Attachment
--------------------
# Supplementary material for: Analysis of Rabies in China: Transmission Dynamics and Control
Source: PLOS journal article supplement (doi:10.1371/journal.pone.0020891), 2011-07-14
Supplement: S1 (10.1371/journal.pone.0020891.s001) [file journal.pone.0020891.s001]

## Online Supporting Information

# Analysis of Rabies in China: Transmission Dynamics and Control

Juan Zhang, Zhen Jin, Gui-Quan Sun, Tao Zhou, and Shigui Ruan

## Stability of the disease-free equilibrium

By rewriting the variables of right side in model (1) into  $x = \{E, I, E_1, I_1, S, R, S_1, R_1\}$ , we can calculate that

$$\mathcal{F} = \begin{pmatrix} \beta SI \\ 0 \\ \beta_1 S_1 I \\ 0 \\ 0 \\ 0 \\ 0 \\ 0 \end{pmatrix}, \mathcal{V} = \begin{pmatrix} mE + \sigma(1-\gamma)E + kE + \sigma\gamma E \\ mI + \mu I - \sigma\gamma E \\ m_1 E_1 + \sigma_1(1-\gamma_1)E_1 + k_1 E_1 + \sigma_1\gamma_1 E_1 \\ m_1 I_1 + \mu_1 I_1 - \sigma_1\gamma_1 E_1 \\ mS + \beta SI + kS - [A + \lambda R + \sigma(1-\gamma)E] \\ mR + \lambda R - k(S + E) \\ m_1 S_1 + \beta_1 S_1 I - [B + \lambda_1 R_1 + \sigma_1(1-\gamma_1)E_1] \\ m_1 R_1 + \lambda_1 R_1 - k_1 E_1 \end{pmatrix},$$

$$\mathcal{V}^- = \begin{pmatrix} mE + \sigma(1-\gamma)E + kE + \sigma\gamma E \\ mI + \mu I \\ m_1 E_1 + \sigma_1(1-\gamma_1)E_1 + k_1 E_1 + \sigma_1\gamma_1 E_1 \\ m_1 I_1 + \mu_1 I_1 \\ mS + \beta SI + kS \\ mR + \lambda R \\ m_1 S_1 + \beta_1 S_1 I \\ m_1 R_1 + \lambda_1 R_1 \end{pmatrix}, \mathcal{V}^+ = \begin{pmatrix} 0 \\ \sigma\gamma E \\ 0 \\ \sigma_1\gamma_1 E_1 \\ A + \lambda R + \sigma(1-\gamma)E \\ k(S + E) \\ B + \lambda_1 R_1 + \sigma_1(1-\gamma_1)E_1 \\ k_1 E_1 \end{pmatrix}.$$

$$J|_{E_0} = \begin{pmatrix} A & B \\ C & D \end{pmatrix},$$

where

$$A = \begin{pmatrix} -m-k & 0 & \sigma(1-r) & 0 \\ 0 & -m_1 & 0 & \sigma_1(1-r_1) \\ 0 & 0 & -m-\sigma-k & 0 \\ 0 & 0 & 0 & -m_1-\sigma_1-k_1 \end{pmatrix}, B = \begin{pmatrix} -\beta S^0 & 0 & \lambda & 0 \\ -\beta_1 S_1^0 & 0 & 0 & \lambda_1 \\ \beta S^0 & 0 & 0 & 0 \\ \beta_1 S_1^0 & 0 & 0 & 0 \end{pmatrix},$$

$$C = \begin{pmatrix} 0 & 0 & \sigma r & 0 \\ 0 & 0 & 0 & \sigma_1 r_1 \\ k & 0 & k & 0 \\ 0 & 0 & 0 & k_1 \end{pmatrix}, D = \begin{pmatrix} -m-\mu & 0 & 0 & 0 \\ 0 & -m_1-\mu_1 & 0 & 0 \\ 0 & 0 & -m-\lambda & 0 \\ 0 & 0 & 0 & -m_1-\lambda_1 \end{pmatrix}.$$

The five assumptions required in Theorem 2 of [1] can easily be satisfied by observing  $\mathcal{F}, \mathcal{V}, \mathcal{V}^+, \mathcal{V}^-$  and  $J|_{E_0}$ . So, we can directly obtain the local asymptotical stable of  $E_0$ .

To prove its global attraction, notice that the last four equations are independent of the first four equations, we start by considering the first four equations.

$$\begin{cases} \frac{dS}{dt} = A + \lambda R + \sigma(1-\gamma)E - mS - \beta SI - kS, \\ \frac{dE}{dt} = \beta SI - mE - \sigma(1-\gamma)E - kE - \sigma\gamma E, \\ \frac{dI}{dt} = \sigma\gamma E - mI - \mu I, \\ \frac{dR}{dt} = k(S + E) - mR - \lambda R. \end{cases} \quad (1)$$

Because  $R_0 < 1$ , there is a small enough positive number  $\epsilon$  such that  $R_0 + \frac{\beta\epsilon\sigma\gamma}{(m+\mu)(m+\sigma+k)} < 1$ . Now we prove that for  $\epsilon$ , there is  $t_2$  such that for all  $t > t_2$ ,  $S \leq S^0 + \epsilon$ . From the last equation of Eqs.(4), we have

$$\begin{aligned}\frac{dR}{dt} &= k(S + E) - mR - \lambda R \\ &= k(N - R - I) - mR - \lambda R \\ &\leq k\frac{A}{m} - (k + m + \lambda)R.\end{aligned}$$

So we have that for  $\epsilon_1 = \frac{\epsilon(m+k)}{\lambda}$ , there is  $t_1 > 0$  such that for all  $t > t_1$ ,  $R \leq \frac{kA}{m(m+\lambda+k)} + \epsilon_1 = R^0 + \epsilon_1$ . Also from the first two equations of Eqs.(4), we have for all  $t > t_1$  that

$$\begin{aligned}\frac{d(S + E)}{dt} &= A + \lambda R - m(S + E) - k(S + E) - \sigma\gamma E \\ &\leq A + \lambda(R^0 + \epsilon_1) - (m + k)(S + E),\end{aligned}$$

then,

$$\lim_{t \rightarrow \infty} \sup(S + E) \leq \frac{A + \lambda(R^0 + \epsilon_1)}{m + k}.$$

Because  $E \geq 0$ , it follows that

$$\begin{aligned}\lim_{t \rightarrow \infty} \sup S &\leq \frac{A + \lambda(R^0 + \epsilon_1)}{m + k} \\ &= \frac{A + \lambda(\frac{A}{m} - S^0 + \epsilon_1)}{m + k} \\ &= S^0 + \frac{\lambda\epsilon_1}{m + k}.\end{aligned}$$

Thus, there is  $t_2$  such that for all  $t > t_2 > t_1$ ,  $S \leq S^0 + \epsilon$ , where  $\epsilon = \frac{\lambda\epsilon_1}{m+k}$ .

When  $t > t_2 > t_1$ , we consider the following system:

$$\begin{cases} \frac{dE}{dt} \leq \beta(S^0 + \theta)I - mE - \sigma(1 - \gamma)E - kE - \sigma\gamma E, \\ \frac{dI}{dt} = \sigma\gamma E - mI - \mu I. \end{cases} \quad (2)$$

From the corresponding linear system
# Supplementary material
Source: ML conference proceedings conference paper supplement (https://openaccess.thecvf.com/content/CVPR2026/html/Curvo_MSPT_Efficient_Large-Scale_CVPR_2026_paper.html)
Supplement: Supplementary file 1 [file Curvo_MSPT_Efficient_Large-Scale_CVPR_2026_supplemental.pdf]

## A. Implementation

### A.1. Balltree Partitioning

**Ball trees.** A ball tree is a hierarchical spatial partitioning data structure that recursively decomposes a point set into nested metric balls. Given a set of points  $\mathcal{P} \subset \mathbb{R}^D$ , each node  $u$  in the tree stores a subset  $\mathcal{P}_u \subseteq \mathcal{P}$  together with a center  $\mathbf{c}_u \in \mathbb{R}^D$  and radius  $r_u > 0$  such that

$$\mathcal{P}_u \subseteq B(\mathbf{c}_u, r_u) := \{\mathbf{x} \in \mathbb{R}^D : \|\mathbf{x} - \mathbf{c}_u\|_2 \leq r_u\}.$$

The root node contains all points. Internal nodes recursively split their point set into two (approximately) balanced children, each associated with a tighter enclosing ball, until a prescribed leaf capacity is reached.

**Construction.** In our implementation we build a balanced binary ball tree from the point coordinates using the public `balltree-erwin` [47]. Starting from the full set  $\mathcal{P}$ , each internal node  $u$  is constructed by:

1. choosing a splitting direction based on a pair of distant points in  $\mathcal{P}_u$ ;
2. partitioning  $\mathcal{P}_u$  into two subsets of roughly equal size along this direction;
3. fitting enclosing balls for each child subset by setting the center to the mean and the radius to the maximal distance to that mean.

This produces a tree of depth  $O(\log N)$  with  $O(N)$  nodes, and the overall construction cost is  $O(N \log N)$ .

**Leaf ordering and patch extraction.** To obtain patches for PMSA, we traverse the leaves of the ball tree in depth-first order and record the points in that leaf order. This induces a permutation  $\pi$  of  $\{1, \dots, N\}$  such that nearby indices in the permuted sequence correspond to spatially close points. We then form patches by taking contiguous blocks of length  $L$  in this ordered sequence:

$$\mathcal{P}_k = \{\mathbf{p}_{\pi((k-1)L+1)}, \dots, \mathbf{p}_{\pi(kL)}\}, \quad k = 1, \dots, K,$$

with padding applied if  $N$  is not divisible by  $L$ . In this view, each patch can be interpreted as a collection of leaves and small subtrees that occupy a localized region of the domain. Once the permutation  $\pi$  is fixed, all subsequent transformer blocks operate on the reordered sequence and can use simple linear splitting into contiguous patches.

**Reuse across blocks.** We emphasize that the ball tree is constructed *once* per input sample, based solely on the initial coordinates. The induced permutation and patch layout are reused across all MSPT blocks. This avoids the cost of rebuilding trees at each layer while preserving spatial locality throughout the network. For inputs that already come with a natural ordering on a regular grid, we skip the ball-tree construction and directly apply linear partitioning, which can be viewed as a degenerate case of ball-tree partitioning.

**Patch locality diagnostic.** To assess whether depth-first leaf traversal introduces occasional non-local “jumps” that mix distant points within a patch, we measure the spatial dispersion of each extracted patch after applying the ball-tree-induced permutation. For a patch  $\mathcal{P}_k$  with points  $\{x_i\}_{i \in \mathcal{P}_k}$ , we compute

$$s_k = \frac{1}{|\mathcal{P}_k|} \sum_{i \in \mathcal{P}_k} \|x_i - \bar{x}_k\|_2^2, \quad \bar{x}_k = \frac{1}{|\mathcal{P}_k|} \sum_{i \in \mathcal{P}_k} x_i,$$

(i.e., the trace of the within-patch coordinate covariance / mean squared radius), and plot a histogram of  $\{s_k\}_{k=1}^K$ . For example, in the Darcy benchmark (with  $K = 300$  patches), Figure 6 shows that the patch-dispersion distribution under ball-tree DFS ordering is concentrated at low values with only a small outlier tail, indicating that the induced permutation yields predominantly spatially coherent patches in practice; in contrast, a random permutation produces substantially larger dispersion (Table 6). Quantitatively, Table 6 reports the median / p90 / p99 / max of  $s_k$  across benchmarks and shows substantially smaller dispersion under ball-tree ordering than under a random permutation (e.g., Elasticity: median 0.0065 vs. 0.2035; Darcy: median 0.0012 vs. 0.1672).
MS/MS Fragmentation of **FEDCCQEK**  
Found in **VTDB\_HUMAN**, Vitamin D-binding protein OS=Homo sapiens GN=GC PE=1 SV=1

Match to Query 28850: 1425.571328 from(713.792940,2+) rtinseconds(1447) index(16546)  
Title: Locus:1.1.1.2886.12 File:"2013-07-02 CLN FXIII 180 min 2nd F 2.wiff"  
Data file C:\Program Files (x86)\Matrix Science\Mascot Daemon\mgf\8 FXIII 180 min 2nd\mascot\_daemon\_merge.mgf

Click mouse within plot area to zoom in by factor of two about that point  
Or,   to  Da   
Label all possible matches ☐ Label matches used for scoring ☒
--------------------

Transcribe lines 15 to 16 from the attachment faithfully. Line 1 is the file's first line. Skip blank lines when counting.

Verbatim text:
The five assumptions required in Theorem 2 of [1] can easily be satisfied by observing  $\mathcal{F}, \mathcal{V}, \mathcal{V}^+, \mathcal{V}^-$  and  $J|_{E_0}$ . So, we can directly obtain the local asymptotical stable of  $E_0$ .

To prove its global attraction, notice that the last four equations are independent of the first four equations, we start by considering the first four equations.